Radio, Radio, Radio!

I've had the opportunity to appear on several radio programs since my book was published.  To date my commentaries have been broadcast on more than 70 radio stations, from Phoenix to Philadelphia, plus across the Internet.  And so far we've had visitors from 10 countries visit this blog, from Russia to the Philippines and from Germany to Australia.  Many thanks to the hosts who have interviewed me as I continue to try to get justice for the Blue Water Navy veterans who served in Vietnam.

Just this weekend I appeared on the Lincoln Radio network of stations across Pennsylvania. Click here to listen to my interview -- and let me know what you think.

Editorial: All Vietnam Navy veterans deserve Agent Orange benefits

On Jan. 5th the Patriot-News of Harrisburg published this editorial in support of my call to restore Agent Orange-related benefits to Blue Water Navy vets from the Vietnam War:

Imagine a scenario where veterans of the Iraq and Afghanistan wars begin developing certain cancers far more often than nonveterans. There would likely be a public outcry to aid them, and rightfully so.

Now imagine that the U.S. government agrees to help the ill veterans, but then reverses its policy several years later to help only certain branches of the military.

This scenario is essentially what happened to U.S. Vietnam Navy veterans.

In 1991, Congress passed the Agent Orange Act to give extra medical help and disability payments to Vietnam veterans who developed certain medical conditions. By then, there was a large body of evidence showing that Vietnam veterans were developing cancers and other diseases at a higher rate than others of their generation. While it is difficult to prove a 100 percent connection, it was clear something in Vietnam played a role, and many experts believe it was probably Agent Orange.

But in 2002, the Bush administration reversed the policy for Navy veterans. Veterans Affairs began to make a distinction between Brown Water veterans, whose ships sailed on inland waterways, and Blue Water veterans, who were aboard ships that mainly stayed on coastal areas. Brown Water veterans qualified for Agent Orange-related benefits; Blue Water veterans suddenly did not.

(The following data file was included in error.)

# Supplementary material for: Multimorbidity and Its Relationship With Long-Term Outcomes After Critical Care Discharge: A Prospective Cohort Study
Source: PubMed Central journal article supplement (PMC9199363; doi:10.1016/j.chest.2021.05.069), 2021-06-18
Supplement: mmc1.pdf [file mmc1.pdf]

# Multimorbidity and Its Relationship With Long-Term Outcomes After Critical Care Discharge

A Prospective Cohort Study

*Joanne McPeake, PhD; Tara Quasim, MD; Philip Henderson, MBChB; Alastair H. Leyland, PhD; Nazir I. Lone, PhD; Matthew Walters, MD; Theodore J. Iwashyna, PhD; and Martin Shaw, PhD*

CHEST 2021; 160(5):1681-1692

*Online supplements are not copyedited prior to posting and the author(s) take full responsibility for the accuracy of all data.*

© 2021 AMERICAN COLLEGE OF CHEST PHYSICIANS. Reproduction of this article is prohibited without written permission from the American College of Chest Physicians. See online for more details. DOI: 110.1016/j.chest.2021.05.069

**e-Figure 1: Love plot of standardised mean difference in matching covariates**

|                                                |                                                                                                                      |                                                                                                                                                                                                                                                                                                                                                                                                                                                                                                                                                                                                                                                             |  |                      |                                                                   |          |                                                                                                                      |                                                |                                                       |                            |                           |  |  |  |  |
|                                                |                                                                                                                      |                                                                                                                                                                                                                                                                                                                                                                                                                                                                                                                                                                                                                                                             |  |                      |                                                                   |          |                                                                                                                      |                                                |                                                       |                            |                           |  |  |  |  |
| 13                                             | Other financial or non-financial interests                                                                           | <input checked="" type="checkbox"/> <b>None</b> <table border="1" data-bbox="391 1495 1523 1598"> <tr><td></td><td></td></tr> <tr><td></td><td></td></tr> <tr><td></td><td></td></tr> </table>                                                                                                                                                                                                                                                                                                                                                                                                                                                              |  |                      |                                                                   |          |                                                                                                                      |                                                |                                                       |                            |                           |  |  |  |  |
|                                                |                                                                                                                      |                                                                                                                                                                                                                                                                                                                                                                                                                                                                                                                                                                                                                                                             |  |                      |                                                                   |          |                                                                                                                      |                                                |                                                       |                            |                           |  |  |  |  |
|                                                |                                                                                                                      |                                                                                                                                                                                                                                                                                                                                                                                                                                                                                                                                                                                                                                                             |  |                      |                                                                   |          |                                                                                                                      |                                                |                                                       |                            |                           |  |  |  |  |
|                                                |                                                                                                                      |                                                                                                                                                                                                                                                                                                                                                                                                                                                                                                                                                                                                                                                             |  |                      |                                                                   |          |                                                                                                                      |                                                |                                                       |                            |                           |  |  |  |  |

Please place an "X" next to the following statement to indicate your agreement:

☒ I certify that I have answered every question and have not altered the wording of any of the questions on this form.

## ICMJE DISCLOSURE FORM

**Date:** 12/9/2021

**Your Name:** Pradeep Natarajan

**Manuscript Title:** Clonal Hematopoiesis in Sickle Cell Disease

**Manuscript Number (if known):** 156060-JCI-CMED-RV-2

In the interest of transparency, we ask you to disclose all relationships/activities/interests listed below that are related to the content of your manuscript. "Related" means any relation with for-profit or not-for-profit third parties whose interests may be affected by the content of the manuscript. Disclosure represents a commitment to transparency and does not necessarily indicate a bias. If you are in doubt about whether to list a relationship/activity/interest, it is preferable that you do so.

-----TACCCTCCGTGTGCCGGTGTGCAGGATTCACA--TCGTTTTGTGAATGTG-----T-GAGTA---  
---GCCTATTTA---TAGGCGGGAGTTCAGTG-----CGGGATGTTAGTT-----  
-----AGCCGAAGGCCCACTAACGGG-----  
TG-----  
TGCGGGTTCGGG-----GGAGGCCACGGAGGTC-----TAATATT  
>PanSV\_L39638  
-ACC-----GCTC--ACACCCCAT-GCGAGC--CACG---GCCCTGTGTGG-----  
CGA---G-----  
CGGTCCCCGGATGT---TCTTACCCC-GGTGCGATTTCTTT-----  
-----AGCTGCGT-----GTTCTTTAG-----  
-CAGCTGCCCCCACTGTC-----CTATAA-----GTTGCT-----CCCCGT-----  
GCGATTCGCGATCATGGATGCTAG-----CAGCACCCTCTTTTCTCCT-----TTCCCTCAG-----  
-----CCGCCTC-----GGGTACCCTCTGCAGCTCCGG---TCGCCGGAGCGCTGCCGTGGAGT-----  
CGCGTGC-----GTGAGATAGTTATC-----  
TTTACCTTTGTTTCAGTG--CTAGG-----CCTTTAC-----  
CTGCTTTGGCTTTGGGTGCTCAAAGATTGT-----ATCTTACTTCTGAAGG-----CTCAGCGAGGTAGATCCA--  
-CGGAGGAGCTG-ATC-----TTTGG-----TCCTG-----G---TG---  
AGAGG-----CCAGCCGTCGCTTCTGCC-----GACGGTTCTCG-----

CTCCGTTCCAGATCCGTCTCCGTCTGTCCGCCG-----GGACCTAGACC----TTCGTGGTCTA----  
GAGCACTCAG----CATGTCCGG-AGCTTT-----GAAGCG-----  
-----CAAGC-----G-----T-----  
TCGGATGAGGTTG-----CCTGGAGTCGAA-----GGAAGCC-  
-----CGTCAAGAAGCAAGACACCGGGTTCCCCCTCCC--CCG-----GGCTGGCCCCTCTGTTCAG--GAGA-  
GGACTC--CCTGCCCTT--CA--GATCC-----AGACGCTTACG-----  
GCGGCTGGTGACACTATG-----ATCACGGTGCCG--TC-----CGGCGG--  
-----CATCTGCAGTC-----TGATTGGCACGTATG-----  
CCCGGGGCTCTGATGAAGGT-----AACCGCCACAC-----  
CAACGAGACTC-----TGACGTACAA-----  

It appeared to be a move to save money. It’s shameful given how much money our government spends that this is the area it targeted for cost cutting.

As Bob Ford of Marysville said in an extensive commentary on the issue in the Sunday Patriot-News, "there should be no such thing as a Brown Water Navy and a Blue Water Navy. It is a red, white and blue Navy. It is our Navy."

Click here to


The 'extras' in my book -- especially the 132 affected Navy Ships

Thanks so much for the very positive response to the excerpt of my book that appeared in today's Harrisburg Patriot News. Some have asked what's in my book that wasn't in the newspaper excerpt...

1. Alphabetical list of the 132 ships (and compliment) that were in Da Nang Harbor and are not on VA list.

2. Details of the tragic case of Bruce Langston, his widow, Florence Langston, and their 10-year battle for benefits.

3. A Tale of Three Ships -- details of the multiple rulings on Da Nang Harbor by VA which have been ignored since 2004.

4.  The widow who couldn't prove her husband left the ship he was never on.

5. Recommendation for creation of the Department of Common Sense.

6. Atmosphere and attitude at VA during Bush Administration.

7. Ken Olsen articles from American Legion Magazine -- an inspiration for my book

8. Latest VA Release of September, 2011, which only adds to the confusion.

Click here to order my Kindle e-book at Amazon and read more about those important issues.  Thanks.


Luck of the Draw

An excerpt from my new book, War Against The US Navy

The navy veterans who comprise this story; those who are still alive, are all over fifty years old. The average reader will probably not know any of them personally. But think of them as your own father, or grandfather, or husband or uncle. Better yet, think about them as your own sons, or brothers; as when this all happened they were only 19, 20-years old. They manned the decks of the greatest navy in the world, on large ships and small, determined mostly by the luck of the draw.

And it was this “luck of the draw” which has now left the majority of them without benefits for their service, a double-whammy, if you will, as the benefits in question are the ones no Vietnam veteran wants to apply for in the first place. This is their story. It contains some startling revelations, one in particular, you will find hard to believe.